The Impact of an Intervention and Policy Changes on Emergency Department Utilization
thesisposted on 27.11.2018 by Sara Heinert
In order to distinguish essays and pre-prints from academic theses, we have a separate category. These are often much longer text based documents than a paper.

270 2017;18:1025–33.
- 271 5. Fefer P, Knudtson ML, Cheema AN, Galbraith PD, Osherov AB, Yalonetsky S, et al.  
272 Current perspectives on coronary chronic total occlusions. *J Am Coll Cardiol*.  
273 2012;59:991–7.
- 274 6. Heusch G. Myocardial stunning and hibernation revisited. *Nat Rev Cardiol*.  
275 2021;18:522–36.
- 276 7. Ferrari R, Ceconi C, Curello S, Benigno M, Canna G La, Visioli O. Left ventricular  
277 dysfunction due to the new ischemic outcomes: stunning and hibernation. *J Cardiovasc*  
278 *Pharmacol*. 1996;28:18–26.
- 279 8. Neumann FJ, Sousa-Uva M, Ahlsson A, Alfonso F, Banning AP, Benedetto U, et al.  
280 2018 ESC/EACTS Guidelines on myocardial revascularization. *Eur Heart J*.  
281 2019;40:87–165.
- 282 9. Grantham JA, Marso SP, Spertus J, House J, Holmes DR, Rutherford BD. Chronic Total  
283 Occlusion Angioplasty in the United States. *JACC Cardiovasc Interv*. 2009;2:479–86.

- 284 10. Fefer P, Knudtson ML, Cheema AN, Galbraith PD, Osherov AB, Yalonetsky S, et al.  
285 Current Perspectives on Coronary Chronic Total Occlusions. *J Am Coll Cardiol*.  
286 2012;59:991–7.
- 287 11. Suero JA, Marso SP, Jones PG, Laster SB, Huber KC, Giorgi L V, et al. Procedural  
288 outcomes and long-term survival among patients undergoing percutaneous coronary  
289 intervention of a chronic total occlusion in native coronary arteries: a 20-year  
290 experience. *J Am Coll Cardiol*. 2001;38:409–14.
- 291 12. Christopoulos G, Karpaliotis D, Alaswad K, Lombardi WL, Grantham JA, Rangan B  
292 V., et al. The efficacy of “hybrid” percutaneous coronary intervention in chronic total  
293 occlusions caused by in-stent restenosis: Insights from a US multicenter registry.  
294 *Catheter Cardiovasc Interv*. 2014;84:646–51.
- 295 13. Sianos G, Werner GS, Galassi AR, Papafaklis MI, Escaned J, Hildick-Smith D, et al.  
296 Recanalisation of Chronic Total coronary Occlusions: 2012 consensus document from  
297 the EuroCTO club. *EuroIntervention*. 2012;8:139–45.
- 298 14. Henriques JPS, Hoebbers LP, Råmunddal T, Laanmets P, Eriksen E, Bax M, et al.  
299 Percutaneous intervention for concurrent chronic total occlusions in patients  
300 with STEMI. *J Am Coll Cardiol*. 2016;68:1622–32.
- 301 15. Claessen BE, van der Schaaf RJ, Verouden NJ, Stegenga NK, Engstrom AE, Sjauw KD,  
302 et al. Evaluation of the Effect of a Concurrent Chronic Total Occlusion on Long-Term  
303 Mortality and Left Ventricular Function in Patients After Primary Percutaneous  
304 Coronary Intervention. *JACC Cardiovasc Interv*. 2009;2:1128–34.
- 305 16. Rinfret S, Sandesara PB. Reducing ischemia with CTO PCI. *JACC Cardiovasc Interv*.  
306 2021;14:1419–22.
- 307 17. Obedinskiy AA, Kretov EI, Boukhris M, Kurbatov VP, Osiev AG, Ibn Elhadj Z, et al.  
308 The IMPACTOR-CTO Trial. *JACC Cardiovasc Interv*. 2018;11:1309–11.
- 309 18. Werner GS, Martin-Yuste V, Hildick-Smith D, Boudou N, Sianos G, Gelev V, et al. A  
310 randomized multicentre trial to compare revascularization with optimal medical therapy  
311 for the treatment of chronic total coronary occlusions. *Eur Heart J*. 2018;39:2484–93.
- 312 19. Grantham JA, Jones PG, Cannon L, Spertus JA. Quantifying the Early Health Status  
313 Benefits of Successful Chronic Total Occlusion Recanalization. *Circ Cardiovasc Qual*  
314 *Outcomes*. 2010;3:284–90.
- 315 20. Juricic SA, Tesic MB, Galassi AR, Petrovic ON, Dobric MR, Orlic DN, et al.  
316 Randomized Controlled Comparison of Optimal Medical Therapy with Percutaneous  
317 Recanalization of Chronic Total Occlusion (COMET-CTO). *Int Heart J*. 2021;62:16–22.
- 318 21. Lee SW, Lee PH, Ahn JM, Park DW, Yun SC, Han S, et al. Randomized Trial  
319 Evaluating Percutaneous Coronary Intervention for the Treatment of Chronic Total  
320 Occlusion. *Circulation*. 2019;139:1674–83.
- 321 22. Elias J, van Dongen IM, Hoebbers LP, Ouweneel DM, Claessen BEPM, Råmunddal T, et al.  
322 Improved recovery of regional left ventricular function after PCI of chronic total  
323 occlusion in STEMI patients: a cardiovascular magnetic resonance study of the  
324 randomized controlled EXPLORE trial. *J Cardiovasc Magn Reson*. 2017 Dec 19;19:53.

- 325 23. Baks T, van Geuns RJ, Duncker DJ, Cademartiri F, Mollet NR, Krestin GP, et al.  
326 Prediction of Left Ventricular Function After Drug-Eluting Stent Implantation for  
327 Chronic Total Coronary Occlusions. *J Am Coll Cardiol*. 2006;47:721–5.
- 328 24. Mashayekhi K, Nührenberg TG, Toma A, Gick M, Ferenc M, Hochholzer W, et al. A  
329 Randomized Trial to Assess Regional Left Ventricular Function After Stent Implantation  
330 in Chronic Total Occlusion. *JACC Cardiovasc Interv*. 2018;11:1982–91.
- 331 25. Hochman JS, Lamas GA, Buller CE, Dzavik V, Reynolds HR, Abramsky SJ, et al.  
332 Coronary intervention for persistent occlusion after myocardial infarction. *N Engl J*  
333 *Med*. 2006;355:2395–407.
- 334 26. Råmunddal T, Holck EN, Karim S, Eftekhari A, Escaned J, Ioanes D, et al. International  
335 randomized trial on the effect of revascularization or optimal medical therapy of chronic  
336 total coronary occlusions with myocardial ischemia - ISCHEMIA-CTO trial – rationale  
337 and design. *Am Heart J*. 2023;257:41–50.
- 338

This thesis of three studies looked at the impact of one intervention and two policy changes on emergency department (ED) utilization at University of Illinois (UI) Hospital in Chicago, Illinois. Chapter I evaluated the Emergency Patient Interdisciplinary Care (EPIC) program- an individualized care coordination program for frequent ED visitors. Utilizing propensity score matching of the intervention group to a comparison group of similar ED frequent visitors, followed by difference-in-differences analysis of the matched pairs, there was a significant increase in ED visits from before EPIC started to after EPIC for the intervention group, compared to the comparison group. Participants may have felt more satisfied with their care in the ED because of the program. Patients who frequented multiple EDs before the program may have consolidated their care to only the UI Hospital ED after the program. Utilization data across all sites of care could determine if this interpretation of these findings is accurate. Chapter II explored the association between distance to closest federally qualified health center (FQHC) and Medicaid and uninsured patients’ utilization of the ED of UI Hospital for non-urgent needs after an increase in number of FQHCs at the time of the American Recovery and Reinvestment Act. Overall, distance to closest FQHC was not associated with non-urgent ED use. There may be more complexities involved in the decision to use the ED for care versus use a FQHC including quality. Chapter III assessed if the proportion of non-urgent ED utilization changed at UI Hospital after the Affordable Care Act (ACA). Using interrupted time series analysis, results showed that all level changes after ACA were positive and all time trend changes after ACA were negative for non-urgent outcomes using the NYU Algorithm. Medicaid patients had significant positive level changes. Private insurance patients and patients who arrived to the ED during business hours had significant positive level changes and significant negative time trend changes, as well as significant negative level change in having an ESI of 4 or 5 (least urgent) after ACA. Medicaid patients may have been less likely to connect to primary care than other types of patients.